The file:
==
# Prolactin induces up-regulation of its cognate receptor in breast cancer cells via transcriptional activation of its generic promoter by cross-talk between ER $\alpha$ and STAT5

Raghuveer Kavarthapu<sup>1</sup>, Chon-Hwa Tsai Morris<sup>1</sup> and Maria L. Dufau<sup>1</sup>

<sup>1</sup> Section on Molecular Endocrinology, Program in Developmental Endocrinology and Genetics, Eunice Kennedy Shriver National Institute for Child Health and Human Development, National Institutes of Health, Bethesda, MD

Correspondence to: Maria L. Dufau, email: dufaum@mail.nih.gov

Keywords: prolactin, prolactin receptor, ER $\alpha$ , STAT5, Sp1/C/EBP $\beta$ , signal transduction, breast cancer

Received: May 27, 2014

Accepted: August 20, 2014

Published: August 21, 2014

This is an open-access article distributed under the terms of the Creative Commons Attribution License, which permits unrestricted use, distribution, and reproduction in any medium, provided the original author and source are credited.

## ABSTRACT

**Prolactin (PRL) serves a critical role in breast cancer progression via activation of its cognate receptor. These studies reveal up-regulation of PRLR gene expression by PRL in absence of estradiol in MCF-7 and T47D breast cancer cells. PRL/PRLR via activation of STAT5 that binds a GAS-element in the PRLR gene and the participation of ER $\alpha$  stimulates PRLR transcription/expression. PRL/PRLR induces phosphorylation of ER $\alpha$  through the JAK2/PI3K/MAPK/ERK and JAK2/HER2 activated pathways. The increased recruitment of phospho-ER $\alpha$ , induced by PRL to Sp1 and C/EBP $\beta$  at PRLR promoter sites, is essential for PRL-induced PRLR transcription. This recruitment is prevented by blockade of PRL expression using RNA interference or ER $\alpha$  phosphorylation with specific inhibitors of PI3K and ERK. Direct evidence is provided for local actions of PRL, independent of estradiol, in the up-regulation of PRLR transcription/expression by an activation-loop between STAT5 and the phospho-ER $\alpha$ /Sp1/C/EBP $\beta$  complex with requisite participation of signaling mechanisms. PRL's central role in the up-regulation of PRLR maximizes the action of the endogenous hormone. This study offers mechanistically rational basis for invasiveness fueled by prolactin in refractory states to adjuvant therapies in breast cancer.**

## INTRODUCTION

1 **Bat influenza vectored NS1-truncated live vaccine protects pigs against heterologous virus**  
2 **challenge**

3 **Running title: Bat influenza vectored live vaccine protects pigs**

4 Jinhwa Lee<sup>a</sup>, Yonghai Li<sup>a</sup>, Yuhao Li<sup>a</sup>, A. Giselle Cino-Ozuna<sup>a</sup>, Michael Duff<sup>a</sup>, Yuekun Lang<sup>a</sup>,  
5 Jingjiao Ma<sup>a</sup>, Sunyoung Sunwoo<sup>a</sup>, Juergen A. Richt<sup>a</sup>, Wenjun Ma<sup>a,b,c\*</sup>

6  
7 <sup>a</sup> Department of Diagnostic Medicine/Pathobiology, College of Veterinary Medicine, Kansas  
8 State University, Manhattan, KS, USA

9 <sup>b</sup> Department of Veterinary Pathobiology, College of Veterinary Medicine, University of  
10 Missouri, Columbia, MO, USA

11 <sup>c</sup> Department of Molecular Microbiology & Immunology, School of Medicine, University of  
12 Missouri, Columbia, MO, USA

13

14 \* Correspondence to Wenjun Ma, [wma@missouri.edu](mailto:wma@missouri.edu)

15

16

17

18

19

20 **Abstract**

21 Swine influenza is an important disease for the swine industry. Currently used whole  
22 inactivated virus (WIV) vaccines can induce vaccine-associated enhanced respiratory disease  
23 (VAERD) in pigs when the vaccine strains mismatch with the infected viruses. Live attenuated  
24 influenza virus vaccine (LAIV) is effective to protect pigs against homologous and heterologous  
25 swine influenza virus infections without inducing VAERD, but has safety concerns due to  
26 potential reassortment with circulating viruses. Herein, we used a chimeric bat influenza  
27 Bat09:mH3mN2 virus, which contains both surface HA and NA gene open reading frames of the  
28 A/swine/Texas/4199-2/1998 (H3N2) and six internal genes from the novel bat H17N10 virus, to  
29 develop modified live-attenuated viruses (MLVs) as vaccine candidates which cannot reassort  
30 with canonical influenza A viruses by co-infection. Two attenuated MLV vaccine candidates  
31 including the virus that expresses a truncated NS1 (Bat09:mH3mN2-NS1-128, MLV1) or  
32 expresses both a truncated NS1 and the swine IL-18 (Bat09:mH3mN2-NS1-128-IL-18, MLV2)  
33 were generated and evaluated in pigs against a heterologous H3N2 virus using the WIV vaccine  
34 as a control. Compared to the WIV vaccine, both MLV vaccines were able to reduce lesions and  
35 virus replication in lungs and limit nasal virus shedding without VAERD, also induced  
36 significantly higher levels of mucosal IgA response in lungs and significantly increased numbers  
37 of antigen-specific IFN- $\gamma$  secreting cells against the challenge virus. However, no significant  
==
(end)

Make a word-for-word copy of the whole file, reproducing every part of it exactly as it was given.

# Prolactin induces up-regulation of its cognate receptor in breast cancer cells via transcriptional activation of its generic promoter by cross-talk between ER $\alpha$ and STAT5

Raghuveer Kavarthapu<sup>1</sup>, Chon-Hwa Tsai Morris<sup>1</sup> and Maria L. Dufau<sup>1</sup>

<sup>1</sup> Section on Molecular Endocrinology, Program in Developmental Endocrinology and Genetics, Eunice Kennedy Shriver National Institute for Child Health and Human Development, National Institutes of Health, Bethesda, MD

Correspondence to: Maria L. Dufau, email: dufaum@mail.nih.gov

Keywords: prolactin, prolactin receptor, ER $\alpha$ , STAT5, Sp1/C/EBP $\beta$ , signal transduction, breast cancer

Received: May 27, 2014

Accepted: August 20, 2014

Published: August 21, 2014

This is an open-access article distributed under the terms of the Creative Commons Attribution License, which permits unrestricted use, distribution, and reproduction in any medium, provided the original author and source are credited.

## ABSTRACT

**Prolactin (PRL) serves a critical role in breast cancer progression via activation of its cognate receptor. These studies reveal up-regulation of PRLR gene expression by PRL in absence of estradiol in MCF-7 and T47D breast cancer cells. PRL/PRLR via activation of STAT5 that binds a GAS-element in the PRLR gene and the participation of ER $\alpha$  stimulates PRLR transcription/expression. PRL/PRLR induces phosphorylation of ER $\alpha$  through the JAK2/PI3K/MAPK/ERK and JAK2/HER2 activated pathways. The increased recruitment of phospho-ER $\alpha$ , induced by PRL to Sp1 and C/EBP $\beta$  at PRLR promoter sites, is essential for PRL-induced PRLR transcription. This recruitment is prevented by blockade of PRL expression using RNA interference or ER $\alpha$  phosphorylation with specific inhibitors of PI3K and ERK. Direct evidence is provided for local actions of PRL, independent of estradiol, in the up-regulation of PRLR transcription/expression by an activation-loop between STAT5 and the phospho-ER $\alpha$ /Sp1/C/EBP $\beta$  complex with requisite participation of signaling mechanisms. PRL's central role in the up-regulation of PRLR maximizes the action of the endogenous hormone. This study offers mechanistically rational basis for invasiveness fueled by prolactin in refractory states to adjuvant therapies in breast cancer.**

## INTRODUCTION

1 **Bat influenza vectored NS1-truncated live vaccine protects pigs against heterologous virus**  
2 **challenge**

3 **Running title: Bat influenza vectored live vaccine protects pigs**

4 Jinhwa Lee<sup>a</sup>, Yonghai Li<sup>a</sup>, Yuhao Li<sup>a</sup>, A. Giselle Cino-Ozuna<sup>a</sup>, Michael Duff<sup>a</sup>, Yuekun Lang<sup>a</sup>,  
5 Jingjiao Ma<sup>a</sup>, Sunyoung Sunwoo<sup>a</sup>, Juergen A. Richt<sup>a</sup>, Wenjun Ma<sup>a,b,c\*</sup>

6  
7 <sup>a</sup> Department of Diagnostic Medicine/Pathobiology, College of Veterinary Medicine, Kansas  
8 State University, Manhattan, KS, USA

9 <sup>b</sup> Department of Veterinary Pathobiology, College of Veterinary Medicine, University of  
10 Missouri, Columbia, MO, USA

11 <sup>c</sup> Department of Molecular Microbiology & Immunology, School of Medicine, University of  
12 Missouri, Columbia, MO, USA

13

14 \* Correspondence to Wenjun Ma, [wma@missouri.edu](mailto:wma@missouri.edu)

15

16

17

18

19

20 **Abstract**

21 Swine influenza is an important disease for the swine industry. Currently used whole  
22 inactivated virus (WIV) vaccines can induce vaccine-associated enhanced respiratory disease  
23 (VAERD) in pigs when the vaccine strains mismatch with the infected viruses. Live attenuated  
24 influenza virus vaccine (LAIV) is effective to protect pigs against homologous and heterologous  
25 swine influenza virus infections without inducing VAERD, but has safety concerns due to  
26 potential reassortment with circulating viruses. Herein, we used a chimeric bat influenza  
27 Bat09:mH3mN2 virus, which contains both surface HA and NA gene open reading frames of the  
28 A/swine/Texas/4199-2/1998 (H3N2) and six internal genes from the novel bat H17N10 virus, to  
29 develop modified live-attenuated viruses (MLVs) as vaccine candidates which cannot reassort  
30 with canonical influenza A viruses by co-infection. Two attenuated MLV vaccine candidates  
31 including the virus that expresses a truncated NS1 (Bat09:mH3mN2-NS1-128, MLV1) or  
32 expresses both a truncated NS1 and the swine IL-18 (Bat09:mH3mN2-NS1-128-IL-18, MLV2)  
33 were generated and evaluated in pigs against a heterologous H3N2 virus using the WIV vaccine  
34 as a control. Compared to the WIV vaccine, both MLV vaccines were able to reduce lesions and  
35 virus replication in lungs and limit nasal virus shedding without VAERD, also induced  
36 significantly higher levels of mucosal IgA response in lungs and significantly increased numbers  
37 of antigen-specific IFN- $\gamma$  secreting cells against the challenge virus. However, no significant  